They have noticed that all of the research on new bermudagrasses helps improve the different types of usage. Stadiums want to schedule more games, which means more play on the turfgrass.
“Everything has been evolving, just like cars, computers and everything, grass is not the exception. It has to keep growing and meeting the new demands that the market is requiring and the industry is demanding a better quality grass,” Madero said.
In many markets in Mexico, Pasto Santa Cruz also has to compete with older varieties like Emerald Zoysia, El Toro Zoysia and what Madero considers the “ancestor varieties of the newer grass types.”
“We try to share that EMPIRE and Geo require less water usage and less fertilization. We explain the ‘green wave’ that is becoming popular worldwide to make the market see they can be more eco-friendly with the new types of grasses,” Madero said.
Last year, Pasto Santa Cruz added Innovation Zoysia as a new variety to try. They brought sprigs and they’re going to spread it this year to decide if they will expand it.
“We continue innovating the types of grasses we can offer. That’s why we feel very confident with Sod Solutions and what they’re doing. That’s why we’re trying to have almost all the varieties Sod Solutions puts on the market because we think they make a good choice in selection,” Madero said.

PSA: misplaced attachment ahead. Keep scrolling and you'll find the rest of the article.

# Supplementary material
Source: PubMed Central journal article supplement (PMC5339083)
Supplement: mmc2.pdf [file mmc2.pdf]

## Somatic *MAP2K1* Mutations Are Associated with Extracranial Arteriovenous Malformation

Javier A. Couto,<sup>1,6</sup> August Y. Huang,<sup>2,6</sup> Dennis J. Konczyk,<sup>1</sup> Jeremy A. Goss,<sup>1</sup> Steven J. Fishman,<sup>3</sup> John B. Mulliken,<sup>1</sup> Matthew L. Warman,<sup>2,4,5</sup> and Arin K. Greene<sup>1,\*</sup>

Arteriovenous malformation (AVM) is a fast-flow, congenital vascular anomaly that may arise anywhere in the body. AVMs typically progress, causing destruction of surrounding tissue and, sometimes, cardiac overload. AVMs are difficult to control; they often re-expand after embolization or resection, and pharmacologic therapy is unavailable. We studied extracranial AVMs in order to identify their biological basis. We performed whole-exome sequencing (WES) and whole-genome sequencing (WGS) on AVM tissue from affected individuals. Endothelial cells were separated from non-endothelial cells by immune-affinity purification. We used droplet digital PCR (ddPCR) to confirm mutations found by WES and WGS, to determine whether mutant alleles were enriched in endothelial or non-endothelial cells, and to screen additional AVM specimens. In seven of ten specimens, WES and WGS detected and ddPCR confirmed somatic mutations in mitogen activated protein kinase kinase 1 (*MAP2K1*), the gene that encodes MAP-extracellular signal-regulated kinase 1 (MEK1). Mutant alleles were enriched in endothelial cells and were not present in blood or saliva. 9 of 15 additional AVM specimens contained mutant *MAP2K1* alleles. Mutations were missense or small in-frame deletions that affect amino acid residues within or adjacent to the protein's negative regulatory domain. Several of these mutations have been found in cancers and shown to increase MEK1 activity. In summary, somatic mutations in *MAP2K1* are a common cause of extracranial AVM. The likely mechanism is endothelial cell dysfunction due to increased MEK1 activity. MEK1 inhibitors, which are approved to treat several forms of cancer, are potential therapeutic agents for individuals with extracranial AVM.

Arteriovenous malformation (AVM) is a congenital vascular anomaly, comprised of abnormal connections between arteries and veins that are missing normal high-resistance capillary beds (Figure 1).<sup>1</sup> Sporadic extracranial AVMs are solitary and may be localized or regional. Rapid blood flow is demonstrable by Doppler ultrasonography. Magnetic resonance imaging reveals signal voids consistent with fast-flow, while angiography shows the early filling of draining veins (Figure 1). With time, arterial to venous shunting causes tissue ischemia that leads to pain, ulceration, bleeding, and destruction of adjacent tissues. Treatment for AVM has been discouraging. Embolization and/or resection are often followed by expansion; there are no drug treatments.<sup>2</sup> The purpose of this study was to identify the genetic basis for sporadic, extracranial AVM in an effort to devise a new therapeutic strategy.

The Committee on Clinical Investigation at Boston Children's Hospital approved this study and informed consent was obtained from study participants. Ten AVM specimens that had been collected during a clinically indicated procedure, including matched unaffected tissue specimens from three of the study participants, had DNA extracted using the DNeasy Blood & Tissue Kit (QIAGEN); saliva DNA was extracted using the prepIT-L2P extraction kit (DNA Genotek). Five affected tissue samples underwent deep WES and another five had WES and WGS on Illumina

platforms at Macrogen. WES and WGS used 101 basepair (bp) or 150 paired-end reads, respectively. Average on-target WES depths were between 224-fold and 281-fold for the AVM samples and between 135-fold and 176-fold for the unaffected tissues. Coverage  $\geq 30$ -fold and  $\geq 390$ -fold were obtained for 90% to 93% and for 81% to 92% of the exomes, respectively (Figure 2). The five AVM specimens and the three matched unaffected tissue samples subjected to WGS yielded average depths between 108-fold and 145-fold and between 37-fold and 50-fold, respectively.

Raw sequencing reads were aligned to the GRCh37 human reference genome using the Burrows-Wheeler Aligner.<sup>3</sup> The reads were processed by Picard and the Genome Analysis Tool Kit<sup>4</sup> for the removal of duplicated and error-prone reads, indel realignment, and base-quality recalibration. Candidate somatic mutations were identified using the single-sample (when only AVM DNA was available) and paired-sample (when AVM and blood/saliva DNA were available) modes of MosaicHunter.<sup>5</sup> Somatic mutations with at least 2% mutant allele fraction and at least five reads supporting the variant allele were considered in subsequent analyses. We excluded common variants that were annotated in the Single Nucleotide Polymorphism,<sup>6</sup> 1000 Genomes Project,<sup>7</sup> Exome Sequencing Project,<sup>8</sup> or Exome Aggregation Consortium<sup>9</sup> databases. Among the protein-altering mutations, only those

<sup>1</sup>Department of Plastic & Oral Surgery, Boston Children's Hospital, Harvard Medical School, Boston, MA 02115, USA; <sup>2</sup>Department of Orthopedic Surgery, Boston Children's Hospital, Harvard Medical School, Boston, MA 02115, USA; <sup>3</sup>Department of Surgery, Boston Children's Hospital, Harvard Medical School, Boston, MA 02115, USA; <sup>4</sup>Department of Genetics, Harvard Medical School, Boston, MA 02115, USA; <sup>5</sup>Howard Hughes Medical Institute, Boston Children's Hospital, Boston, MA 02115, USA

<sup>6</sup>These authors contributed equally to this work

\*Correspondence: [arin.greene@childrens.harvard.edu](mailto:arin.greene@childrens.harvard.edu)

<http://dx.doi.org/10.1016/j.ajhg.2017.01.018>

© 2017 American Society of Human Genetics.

He anticipates that Latitude 36 and Northbridge will really start to get more popular in their market within the next year.
“We’re looking forward to NorthBridge because Mexico has a lot of different types of climates. We think it can compete with Kikuyu grass that has been around forever in the old, central part of Mexico where there is a high altitude,” he added. “We are hoping to start having another option of an outstanding grass with better performance.
In 2018 Pasto Santa Cruz planted Celebration sprigs at Universidad Panamericana’s soccer field at the Campus Zaponan Jalisco where both the mens and womens teams train and play. “This is the first soccer field in college that can fit FIFA Standards here in Mexico,” Madero said.
In 2019 they installed Celebration at Estadio Akron (Chivas) in Guadalajara, Jal. and at Estadio BBVA (Rayados) in Monterrey, N.L. These fields were already constructed, so Pasto Sana Cruz just completed field renovations of installing Celebration.
Pictured above, Pasto Santa Cruz installs Celebration in Estadio BBVA (Rayados) in Monterrey, N.L.
Last year they completed a larger project for a polo field at the resort Mandarina One & Only in Nayarit. For this project, they laser leveled the field and then planted sprigs of Celebration.
This year, they are starting on the Mazatlan FC Training Facilities in Mazatlan, Sin. This construction project will be very extensive to include drainage, level, gravel, sand and then sprigs will be planted. Madero said because Celebration is an aggressive growing grass they anticipate it will take over in time for games on the field by early fall.